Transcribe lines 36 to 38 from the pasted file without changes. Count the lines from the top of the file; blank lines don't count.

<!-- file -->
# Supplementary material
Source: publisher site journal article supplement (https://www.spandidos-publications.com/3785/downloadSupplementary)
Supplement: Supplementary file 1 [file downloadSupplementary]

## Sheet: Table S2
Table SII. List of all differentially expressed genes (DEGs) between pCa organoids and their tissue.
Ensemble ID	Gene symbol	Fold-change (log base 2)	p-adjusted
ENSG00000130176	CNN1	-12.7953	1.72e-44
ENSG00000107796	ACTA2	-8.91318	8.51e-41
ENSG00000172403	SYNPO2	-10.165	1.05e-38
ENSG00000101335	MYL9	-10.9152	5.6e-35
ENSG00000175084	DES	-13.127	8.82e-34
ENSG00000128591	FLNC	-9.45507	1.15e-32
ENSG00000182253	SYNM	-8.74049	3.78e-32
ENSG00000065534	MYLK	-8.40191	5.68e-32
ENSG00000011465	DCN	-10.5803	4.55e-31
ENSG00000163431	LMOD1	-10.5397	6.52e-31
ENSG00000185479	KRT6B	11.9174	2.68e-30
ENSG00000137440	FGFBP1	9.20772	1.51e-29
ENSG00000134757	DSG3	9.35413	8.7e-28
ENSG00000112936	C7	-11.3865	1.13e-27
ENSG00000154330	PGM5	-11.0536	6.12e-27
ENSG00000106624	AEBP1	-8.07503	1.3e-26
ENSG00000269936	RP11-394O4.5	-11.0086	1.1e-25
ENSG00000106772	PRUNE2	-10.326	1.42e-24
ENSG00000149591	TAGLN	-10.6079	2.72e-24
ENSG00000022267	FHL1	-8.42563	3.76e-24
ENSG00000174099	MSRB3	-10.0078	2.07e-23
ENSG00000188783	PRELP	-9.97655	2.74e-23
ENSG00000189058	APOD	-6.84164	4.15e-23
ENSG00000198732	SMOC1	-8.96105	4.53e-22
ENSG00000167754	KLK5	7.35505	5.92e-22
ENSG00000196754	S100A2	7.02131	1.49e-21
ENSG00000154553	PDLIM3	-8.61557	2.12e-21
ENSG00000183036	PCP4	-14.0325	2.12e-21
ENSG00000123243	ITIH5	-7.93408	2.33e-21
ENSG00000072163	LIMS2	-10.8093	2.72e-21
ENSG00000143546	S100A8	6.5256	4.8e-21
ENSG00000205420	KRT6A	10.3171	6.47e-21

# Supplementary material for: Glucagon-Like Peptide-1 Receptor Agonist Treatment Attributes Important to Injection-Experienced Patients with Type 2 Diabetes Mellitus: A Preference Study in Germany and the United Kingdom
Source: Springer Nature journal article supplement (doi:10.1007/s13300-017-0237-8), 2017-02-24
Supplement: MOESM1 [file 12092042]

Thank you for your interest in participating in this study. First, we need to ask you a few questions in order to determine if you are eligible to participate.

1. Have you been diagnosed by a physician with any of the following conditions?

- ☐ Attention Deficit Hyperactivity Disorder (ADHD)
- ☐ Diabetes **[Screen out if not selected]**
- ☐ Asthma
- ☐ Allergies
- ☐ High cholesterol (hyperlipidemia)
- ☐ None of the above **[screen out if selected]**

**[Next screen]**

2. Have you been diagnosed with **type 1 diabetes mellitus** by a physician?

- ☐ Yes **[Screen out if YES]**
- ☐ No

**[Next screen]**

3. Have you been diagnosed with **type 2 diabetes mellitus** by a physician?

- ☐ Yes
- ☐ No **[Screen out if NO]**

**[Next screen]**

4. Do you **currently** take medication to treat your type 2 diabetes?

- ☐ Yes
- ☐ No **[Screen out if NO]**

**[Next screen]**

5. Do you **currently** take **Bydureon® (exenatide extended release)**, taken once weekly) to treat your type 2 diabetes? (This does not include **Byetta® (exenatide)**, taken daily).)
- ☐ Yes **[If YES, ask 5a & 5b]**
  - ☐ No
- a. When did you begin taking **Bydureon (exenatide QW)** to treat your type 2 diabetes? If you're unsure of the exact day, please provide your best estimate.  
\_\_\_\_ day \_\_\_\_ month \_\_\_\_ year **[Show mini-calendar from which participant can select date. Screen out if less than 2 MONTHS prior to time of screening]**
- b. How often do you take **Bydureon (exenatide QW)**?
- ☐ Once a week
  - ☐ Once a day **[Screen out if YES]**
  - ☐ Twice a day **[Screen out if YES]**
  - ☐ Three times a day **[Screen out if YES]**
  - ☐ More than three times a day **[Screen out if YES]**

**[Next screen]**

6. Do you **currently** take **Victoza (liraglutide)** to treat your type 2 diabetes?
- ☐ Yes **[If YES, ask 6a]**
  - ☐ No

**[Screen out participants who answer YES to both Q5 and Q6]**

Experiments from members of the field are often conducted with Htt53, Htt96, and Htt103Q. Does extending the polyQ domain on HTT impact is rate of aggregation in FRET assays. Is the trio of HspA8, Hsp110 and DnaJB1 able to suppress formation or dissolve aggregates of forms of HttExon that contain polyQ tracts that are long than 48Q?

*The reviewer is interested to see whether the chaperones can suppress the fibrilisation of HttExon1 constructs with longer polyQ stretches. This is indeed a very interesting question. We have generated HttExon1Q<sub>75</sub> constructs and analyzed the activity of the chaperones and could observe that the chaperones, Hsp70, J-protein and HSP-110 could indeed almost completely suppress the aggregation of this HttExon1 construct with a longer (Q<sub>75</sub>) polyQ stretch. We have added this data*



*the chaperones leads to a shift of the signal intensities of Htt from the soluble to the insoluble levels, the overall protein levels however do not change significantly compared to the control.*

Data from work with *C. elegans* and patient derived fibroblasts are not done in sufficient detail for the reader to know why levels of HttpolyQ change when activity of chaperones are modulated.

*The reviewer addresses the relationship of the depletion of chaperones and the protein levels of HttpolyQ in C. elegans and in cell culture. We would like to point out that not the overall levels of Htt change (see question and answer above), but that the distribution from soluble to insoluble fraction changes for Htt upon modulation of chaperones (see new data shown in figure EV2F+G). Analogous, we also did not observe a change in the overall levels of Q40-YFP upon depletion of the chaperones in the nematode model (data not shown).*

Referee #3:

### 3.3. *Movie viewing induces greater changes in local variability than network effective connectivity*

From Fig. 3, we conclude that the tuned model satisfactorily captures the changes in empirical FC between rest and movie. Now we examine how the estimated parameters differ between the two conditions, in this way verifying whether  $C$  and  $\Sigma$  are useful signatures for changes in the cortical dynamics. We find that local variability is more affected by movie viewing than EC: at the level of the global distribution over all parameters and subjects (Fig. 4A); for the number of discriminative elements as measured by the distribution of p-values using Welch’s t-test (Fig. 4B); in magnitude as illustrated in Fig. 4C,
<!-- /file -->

ENSG00000072163	LIMS2	-10.8093	2.72e-21
ENSG00000143546	S100A8	6.5256	4.8e-21
ENSG00000205420	KRT6A	10.3171	6.47e-21